Watercolour week yellow and gold comparison

Watercolour Exploration 2: Abstracts

On Friday evening I went to the monthly meeting of the Saffron Walden Art Society to see a demonstration of Abstract painting by local artist Joyce Crabb. I’m increasingly interested in Abstract art, and I think probably lean towards semi-abstract myself in some of my looser work. I’m not sure I’ll get comfortable with pure abstract work – at least not for some while, if ever. But I will be experimenting a bit more on the fringes I suspect.

Watercolour Plans 3: Tidying up the studio

I’m a book junkie (and a colour junkie as I’ve said before). I have a fair collection of art books and magazines in my studio. When I set up the space for my painting I insisted on having a corner with a sofa and table, as well as a bookshelf, so that I could sit quietly and enjoy dipping into this exciting reference material and inspiration.

Watercolour plan - tidy the studio

 

A year or so ago, I did a workshop in oil painting with Stephen Higton and decided to start doing a bit of work in other mediums, so I bought a large easel, amongst other things. Its fabulous to have it, but in a small studio, it was always a bit in the way. No matter which way I positioned it, the bookshelf was obscured and it became a mission to reach it.  Result: books not read, or books and magazines stacked all over the sofa and any other free surface so I could get to them.

This weekend I had a brainwave about repositioning things and got stuck in to moving furniture before I got started on painting. The result:

Watercolour plan - after the tidy

Space to read!

Quinacridone watercolours

My Daniels Smith quinacridone watercolours came out to play this weekend. Last weekend I explored the differences and synergies between Quinacridone Gold and Quinacridone Deep Gold. You can see my findings in the Wash a Week challenge.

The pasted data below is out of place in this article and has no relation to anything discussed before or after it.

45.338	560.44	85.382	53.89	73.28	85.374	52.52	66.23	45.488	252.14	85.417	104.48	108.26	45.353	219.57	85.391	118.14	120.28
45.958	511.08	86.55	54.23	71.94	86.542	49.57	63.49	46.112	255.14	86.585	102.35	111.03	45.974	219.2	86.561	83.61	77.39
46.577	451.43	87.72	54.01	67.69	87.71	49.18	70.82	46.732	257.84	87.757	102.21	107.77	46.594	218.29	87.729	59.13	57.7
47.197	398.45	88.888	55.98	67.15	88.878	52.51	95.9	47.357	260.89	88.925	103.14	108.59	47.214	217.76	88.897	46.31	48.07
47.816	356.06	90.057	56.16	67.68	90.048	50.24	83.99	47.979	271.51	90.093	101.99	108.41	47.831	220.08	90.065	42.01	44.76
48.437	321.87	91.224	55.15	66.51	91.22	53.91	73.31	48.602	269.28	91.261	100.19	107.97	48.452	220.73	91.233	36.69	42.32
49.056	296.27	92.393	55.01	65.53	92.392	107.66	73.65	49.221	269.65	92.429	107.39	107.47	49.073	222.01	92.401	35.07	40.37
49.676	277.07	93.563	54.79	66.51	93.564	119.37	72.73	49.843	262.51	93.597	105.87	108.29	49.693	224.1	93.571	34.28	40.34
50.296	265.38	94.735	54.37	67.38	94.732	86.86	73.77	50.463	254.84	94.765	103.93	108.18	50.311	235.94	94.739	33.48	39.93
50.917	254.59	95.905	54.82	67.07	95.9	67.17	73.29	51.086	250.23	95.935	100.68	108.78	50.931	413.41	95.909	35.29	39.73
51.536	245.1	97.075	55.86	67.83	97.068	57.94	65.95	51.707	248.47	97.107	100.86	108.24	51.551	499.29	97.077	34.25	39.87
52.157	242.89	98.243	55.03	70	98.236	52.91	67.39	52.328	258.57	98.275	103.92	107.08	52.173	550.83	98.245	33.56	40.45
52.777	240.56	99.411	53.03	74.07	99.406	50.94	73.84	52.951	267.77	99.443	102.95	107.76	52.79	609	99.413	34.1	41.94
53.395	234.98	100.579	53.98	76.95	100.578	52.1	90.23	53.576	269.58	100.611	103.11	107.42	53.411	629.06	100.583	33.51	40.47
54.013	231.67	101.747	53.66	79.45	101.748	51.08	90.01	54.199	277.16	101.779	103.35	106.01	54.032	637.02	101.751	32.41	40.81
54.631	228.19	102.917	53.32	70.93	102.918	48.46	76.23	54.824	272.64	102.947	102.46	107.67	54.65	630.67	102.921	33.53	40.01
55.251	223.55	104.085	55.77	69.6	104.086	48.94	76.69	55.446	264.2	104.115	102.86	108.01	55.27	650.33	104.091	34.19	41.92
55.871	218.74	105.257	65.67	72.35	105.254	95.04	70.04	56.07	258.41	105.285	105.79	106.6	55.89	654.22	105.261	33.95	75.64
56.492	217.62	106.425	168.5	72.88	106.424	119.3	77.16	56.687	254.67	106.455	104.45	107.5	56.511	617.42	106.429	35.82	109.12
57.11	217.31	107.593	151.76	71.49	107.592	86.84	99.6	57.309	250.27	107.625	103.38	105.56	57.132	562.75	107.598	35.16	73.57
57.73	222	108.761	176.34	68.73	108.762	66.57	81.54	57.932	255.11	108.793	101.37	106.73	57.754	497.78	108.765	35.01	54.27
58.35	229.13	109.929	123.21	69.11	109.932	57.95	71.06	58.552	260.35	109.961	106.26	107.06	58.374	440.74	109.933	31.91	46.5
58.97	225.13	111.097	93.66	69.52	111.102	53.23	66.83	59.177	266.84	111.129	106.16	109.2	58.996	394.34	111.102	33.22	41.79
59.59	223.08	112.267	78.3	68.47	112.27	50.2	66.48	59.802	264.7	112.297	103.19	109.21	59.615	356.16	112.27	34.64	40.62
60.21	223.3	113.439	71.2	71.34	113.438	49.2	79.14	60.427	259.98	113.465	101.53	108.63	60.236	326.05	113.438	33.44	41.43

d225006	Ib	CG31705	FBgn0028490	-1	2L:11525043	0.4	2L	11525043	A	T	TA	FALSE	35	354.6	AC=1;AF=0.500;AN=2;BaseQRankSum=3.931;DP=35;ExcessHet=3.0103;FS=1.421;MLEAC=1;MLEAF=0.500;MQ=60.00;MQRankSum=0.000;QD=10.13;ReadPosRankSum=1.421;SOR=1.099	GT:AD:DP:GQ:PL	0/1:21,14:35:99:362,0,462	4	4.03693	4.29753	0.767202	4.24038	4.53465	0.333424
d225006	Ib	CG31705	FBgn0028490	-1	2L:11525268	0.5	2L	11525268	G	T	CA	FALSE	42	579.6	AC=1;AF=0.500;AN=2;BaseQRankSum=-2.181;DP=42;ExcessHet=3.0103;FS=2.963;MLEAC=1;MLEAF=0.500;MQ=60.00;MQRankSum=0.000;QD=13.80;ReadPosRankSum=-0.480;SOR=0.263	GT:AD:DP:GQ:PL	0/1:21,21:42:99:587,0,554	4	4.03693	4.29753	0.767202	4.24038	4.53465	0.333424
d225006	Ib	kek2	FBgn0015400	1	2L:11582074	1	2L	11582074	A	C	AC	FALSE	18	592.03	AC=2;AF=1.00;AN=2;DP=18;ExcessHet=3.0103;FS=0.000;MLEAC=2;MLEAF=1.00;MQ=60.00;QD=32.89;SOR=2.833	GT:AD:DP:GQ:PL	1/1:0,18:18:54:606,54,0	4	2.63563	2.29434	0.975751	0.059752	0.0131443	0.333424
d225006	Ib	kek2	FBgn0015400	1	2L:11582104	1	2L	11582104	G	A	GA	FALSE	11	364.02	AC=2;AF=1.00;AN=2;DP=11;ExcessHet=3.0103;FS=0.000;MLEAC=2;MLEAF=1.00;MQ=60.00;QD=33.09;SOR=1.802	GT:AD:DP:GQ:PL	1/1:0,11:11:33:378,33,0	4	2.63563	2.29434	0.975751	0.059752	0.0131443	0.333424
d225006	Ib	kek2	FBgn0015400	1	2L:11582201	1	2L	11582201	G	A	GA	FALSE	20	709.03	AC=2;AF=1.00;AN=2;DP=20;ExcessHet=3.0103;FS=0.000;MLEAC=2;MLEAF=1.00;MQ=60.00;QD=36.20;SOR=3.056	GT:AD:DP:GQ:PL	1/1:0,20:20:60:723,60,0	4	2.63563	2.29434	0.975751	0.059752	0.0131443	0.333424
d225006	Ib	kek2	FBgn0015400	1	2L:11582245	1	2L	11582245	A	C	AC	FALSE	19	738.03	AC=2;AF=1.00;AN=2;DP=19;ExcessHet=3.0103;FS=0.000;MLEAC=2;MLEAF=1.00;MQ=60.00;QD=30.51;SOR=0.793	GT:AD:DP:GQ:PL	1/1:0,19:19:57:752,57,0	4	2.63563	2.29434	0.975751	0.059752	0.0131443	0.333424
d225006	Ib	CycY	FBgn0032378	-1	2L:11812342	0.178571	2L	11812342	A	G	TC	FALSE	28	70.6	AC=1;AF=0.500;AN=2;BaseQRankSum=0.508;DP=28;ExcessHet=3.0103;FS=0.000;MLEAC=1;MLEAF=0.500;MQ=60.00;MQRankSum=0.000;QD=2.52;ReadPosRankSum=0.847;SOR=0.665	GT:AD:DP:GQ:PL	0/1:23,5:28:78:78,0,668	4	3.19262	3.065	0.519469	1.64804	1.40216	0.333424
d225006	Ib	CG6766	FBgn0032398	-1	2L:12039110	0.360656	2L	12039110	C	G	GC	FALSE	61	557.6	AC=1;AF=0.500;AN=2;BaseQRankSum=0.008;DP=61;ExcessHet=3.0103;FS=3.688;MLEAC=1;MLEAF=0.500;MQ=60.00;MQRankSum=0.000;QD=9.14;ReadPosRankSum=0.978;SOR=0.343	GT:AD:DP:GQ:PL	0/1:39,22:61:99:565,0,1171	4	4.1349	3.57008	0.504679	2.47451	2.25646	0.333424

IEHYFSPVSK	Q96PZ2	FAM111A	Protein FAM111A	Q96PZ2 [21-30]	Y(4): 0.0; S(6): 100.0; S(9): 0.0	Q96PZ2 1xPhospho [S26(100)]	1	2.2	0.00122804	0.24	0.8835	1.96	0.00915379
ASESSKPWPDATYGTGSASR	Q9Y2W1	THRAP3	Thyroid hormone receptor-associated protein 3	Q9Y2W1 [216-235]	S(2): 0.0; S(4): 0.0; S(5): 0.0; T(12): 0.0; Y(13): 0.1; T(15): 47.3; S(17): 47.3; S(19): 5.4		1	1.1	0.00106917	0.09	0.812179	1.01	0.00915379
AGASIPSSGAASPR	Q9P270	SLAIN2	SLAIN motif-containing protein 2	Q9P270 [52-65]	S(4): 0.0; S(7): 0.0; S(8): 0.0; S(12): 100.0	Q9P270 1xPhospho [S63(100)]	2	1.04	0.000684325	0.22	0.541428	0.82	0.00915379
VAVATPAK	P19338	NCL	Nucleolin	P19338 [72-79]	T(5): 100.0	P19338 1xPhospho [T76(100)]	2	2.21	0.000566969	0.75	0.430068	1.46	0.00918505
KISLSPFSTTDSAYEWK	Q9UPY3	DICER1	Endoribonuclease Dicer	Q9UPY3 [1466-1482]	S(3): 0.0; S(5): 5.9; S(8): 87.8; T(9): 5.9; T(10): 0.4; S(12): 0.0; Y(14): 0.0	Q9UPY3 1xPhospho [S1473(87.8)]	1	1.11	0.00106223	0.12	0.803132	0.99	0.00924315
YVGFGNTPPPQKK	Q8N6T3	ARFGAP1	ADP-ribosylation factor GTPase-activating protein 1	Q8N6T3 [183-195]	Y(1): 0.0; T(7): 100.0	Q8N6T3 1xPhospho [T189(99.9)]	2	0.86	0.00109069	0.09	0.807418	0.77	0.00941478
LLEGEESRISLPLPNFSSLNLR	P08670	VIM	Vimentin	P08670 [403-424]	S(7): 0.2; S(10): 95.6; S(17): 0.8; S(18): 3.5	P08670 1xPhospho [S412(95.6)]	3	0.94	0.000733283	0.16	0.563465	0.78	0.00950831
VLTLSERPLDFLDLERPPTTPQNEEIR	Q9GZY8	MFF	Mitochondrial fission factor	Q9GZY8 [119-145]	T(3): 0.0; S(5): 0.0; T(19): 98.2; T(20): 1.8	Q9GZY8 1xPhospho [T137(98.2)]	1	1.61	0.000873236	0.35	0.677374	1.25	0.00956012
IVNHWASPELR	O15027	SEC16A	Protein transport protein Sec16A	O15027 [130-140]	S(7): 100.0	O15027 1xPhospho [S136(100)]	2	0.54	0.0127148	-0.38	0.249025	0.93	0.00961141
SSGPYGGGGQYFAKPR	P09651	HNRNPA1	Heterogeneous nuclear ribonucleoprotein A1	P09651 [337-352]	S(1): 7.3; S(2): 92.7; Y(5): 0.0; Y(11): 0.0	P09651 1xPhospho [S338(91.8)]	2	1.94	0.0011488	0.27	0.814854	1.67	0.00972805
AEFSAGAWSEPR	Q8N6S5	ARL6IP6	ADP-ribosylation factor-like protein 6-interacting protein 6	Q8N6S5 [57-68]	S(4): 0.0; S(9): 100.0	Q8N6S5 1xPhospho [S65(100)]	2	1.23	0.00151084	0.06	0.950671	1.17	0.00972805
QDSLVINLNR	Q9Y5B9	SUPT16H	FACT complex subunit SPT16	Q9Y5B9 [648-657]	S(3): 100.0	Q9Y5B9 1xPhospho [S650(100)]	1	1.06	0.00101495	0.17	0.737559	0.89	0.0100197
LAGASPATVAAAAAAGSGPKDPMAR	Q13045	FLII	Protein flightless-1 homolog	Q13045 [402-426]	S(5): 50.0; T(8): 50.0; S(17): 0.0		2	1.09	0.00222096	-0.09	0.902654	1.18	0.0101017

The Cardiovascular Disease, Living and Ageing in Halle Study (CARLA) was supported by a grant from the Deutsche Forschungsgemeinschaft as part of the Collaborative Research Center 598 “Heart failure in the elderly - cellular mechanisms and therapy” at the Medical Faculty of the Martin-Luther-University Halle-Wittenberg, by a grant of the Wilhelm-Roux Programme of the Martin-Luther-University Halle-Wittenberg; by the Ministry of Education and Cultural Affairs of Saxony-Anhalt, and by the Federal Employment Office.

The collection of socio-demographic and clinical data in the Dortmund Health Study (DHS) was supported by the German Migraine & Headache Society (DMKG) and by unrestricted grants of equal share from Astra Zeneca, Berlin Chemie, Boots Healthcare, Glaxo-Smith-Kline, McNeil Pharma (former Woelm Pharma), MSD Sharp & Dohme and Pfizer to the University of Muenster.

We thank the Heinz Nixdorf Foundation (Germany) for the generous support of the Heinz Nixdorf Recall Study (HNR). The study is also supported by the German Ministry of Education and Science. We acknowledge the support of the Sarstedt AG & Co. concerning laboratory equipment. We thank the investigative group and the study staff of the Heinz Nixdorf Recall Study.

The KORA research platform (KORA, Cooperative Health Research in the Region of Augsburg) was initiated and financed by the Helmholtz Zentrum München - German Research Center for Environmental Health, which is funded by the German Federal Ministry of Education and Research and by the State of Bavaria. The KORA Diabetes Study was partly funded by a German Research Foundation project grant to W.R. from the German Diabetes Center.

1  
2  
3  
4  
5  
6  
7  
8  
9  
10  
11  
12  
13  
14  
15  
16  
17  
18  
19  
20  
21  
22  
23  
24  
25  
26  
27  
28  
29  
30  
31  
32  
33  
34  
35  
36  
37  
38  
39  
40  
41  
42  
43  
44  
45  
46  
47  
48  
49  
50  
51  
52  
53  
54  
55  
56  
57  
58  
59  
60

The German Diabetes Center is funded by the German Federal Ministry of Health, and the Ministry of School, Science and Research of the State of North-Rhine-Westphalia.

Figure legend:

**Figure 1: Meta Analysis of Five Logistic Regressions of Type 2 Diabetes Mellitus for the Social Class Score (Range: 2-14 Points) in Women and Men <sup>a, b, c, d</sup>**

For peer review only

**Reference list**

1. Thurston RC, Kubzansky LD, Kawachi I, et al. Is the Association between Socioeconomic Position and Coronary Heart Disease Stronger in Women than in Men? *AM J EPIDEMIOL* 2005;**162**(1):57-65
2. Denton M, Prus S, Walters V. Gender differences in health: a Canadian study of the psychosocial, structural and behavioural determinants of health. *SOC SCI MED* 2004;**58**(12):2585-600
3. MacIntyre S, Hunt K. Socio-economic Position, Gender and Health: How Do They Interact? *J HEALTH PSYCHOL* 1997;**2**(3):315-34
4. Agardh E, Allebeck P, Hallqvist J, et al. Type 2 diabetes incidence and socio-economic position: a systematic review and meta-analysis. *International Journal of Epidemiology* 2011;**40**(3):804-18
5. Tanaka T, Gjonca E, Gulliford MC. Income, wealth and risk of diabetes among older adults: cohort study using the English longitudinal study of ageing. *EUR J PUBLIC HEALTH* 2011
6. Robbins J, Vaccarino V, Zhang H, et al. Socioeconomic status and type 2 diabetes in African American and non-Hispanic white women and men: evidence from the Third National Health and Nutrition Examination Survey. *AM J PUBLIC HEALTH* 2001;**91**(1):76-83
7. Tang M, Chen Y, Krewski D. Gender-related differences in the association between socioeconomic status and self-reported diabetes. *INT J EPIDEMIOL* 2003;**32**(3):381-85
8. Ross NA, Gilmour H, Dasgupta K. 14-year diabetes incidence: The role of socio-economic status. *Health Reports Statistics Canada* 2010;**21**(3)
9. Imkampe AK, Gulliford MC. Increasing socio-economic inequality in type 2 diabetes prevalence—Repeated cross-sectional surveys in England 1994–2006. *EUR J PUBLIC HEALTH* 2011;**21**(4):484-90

Quinacridone Watercolours - Gold, Deep Gold and Violet

The nectarines on the kitchen table seemed an ideal subject for the colours I was working with for the blog. Once opened, the smooth, juicy, translucent flesh contrasted temptingly with the many folds and hard edges of the stone in the centre.

Quinacridone Watercolours blending on the paper

The perennial challenge for watercolourists is resisting the urge to be too fussy. There’s always the temptation to add one more brushstroke, embellish with a bit more detail, change an edge or a shape.

In this painting, I aimed to avoid this challenge by completing the whole painting with one flat brush. Painting a rounded shape with smooth edges using a flat brush makes it very difficult – almost impossible to get too detailed.

Using quick, energetic brushstrokes, my aim was to simply capture the essence of the fruit. My focus was specifically on the smooth quality of the flesh, and the area of rosy colouring where the hard stone emerges from the body of the fruit.

The combination of the transparent, single pigment quinacridone watercolours, and resisting the urge to fiddle with the paint once it’s been laid down on the paper, leaves the colours clear and translucent in the painting.

I’ll be sharing more quinacridone colours in future Wash a Week posts.

In other news, I’m starting the planning process for my 2015 exhibitions and Open Studios. There are a few visits to London exhibitions and a watercolour festival for inspiration. And I’ll be creating the opportunity for UK watercolour artists to attend workshops with two exceptional artists from Moldova and France. More news on these later.

Watercolour Journal & 2015 Wash Challenge

I’ve fallen in love with my watercolour journal and I’d like to introduce you to it.

Two years ago I was given a wonderful bound book of heavy weight Arches watercolour paper. It was so beautiful that it took a month before I could pluck up the courage to put brush to paper. And even after I had made my virgin mark on page one, I was still so worried about messing it up, that I was afraid to paint in it.

Now the Wash a Week Challenge is well and truly up and running (I’ve just published my second post) and I think I’ve found its purpose in life. My beautifully bound book as become my watercolour journal.